Nepalis have been venturing abroad in search of work since the 1816 Treaty of Sugauli. Joining the British Army became a lucrative source of income for some Nepalis after the UK started recruiting people from ‘martial races’ to do the fighting on its behalf. This trend continues to this day. Those who couldn’t enlist with the British Army started packing their bags in search of work in India, a trend especially evident in western Nepal. What was an outbound trickle has now turned into a torrent.
Most Nepali migrant workers still go to India. According to informal estimates, 6 to 10 million Nepalis are living and working in India. Migration to countries other than India is a more recent phenomenon. (But as Nepalis don’t need permits to work in India, Nepal does not consider it a labor-importing country.) The trend of going to Gulf countries started with the 1990 political change, when Nepal opened up to the outside world. In the past decade, around 3.5 million Nepalis have left to work in various Gulf and some other countries.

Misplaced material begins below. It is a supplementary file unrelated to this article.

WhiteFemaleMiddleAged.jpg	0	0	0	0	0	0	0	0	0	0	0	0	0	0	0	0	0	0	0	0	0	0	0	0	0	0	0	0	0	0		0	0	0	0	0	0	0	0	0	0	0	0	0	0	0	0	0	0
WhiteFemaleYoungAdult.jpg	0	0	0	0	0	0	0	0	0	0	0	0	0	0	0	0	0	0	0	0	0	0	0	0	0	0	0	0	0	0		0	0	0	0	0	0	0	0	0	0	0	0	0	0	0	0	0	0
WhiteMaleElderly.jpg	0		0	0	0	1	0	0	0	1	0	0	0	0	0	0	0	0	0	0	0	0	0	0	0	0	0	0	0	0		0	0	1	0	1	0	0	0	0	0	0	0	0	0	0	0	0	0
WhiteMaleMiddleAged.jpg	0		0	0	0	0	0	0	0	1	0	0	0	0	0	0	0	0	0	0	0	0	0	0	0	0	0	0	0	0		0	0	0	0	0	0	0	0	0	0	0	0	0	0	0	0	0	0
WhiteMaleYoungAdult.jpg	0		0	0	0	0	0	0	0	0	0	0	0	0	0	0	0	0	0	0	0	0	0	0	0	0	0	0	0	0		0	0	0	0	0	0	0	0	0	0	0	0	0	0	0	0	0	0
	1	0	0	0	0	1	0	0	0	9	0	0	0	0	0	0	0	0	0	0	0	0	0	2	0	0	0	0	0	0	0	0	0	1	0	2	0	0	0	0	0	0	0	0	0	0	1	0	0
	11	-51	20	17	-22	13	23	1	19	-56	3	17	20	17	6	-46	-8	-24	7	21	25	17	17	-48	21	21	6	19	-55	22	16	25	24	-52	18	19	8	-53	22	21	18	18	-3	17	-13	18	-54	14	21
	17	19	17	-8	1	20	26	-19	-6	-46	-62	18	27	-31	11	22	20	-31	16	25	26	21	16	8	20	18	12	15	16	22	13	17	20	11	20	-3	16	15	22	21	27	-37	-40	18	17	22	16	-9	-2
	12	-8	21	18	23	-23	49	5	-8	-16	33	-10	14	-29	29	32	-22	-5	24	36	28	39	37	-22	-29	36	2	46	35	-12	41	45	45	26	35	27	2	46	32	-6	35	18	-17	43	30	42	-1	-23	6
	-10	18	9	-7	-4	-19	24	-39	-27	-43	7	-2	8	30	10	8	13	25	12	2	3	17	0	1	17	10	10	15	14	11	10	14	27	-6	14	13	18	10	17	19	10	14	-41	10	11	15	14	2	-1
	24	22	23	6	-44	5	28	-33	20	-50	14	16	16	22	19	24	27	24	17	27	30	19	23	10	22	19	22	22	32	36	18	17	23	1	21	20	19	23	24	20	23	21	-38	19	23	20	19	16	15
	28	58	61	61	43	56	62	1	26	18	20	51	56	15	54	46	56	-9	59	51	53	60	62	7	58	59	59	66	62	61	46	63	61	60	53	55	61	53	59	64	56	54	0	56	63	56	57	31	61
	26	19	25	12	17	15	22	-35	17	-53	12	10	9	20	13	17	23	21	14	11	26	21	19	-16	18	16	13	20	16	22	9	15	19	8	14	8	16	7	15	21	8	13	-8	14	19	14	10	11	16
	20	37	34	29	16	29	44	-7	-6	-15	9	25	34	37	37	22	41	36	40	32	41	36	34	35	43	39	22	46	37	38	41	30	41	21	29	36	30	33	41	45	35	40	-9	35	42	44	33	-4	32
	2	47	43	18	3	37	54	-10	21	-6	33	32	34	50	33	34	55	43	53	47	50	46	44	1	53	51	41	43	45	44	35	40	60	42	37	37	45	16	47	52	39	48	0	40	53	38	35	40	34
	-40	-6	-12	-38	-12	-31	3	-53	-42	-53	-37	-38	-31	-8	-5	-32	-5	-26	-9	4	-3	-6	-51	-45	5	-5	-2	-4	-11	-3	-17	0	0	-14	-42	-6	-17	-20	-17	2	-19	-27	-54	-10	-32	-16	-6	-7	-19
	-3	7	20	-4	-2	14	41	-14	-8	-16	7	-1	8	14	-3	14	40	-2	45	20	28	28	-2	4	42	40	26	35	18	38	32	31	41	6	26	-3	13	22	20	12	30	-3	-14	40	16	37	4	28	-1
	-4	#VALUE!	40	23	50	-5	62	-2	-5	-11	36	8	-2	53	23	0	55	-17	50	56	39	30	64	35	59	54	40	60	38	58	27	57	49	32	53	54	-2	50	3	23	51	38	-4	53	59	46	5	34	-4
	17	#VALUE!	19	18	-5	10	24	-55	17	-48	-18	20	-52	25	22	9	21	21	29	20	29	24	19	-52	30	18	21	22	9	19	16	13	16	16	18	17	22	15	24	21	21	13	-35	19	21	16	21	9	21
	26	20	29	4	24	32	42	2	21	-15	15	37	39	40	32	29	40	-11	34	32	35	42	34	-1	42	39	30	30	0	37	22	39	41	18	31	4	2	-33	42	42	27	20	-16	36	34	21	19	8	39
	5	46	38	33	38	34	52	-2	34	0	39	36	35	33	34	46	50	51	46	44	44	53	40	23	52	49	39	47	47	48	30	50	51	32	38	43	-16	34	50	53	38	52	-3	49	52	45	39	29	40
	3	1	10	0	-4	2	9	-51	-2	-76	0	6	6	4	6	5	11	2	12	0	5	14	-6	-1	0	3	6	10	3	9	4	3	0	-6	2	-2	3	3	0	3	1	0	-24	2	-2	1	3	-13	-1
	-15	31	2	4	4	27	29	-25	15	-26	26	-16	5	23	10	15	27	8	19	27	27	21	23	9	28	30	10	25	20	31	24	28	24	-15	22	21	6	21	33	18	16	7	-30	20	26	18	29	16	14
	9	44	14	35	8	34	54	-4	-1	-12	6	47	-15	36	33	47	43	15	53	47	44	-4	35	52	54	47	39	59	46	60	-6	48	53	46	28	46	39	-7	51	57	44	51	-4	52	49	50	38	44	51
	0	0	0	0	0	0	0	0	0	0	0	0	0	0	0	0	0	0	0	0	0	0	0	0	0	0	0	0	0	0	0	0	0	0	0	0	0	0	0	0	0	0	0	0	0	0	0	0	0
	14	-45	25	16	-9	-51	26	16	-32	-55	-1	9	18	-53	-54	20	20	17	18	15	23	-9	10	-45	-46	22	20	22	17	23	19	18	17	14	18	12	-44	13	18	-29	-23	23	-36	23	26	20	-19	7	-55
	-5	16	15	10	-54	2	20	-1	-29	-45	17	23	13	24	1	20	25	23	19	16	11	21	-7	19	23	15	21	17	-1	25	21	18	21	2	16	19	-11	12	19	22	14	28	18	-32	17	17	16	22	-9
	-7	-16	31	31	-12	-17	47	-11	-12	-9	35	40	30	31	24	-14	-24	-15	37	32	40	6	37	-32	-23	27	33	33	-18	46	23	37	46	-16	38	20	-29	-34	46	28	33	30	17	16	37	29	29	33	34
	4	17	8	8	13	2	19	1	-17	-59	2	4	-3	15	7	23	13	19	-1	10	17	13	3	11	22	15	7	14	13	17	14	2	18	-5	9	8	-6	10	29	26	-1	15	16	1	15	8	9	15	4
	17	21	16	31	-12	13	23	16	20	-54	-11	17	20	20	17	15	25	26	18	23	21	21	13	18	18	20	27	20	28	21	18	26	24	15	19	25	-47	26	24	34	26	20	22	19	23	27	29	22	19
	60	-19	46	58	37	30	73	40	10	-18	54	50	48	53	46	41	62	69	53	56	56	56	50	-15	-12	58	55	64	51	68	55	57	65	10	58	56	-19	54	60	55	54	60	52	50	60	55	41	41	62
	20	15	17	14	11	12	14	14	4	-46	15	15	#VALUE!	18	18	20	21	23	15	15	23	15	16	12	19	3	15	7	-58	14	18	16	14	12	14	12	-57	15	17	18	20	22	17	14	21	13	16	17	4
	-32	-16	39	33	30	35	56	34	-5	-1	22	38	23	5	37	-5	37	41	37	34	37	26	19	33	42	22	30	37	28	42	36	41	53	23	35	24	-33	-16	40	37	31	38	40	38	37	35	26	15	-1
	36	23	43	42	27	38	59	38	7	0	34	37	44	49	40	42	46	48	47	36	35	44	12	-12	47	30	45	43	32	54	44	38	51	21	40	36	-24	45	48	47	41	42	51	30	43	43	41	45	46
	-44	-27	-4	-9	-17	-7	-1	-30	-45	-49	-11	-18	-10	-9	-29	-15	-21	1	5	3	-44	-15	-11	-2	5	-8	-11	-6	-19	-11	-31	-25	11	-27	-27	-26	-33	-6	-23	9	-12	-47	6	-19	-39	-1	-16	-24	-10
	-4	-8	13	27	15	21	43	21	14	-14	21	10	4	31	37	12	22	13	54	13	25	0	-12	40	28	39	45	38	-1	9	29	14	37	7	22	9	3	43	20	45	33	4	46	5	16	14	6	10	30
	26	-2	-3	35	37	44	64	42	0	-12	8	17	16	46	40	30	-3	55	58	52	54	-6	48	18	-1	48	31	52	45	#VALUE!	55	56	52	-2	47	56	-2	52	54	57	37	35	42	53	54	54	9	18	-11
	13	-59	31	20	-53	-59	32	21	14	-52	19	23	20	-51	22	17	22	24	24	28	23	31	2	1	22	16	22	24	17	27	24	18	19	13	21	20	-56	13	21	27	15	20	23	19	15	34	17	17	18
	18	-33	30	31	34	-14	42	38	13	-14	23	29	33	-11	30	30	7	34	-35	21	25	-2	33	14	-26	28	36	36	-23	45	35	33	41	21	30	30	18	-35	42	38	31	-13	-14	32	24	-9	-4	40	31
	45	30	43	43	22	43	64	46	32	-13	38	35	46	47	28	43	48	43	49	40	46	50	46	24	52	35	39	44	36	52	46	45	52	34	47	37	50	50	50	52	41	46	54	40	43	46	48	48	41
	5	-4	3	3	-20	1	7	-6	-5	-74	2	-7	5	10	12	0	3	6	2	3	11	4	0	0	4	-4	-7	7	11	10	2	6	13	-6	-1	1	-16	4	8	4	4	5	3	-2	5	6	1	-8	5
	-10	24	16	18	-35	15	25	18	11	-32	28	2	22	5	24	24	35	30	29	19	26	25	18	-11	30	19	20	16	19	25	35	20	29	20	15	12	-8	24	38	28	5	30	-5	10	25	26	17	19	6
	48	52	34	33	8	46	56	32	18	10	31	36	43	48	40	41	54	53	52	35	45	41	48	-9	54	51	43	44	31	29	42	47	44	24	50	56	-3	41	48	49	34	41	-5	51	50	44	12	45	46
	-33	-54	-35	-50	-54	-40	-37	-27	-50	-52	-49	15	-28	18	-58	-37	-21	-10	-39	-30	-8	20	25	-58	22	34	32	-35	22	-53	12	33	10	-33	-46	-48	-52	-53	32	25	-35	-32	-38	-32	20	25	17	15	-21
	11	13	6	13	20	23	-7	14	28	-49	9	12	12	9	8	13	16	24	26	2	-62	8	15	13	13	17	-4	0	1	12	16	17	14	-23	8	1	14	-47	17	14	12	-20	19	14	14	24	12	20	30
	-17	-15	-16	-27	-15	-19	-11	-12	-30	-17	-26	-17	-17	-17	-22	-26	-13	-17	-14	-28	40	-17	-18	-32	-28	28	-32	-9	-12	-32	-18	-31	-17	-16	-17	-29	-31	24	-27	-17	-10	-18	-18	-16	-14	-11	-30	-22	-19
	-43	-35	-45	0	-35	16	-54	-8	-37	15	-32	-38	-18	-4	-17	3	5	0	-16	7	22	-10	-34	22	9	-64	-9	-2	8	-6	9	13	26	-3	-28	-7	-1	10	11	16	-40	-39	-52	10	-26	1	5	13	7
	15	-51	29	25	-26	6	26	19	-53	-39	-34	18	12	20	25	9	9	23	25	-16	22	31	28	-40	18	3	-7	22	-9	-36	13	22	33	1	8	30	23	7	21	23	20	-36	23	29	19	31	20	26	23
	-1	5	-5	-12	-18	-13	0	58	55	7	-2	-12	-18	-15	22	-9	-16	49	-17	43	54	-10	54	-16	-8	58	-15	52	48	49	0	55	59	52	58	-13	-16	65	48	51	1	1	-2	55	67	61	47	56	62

Most of these workers are unskilled and do menial jobs, which still pay more than what they would get for similar jobs in Nepal. Among the top Nepali labor importing countries are Malaysia (700,000 workers) and Saudi Arabia (400,000). There have been many reports of exploitation and even deaths of Nepali workers abroad, as the jobs they land are often different and more difficult than the ones stipulated in official papers. Yet labor diplomacy to better look after the wellbeing of its citizens toiling abroad has never been a government priority.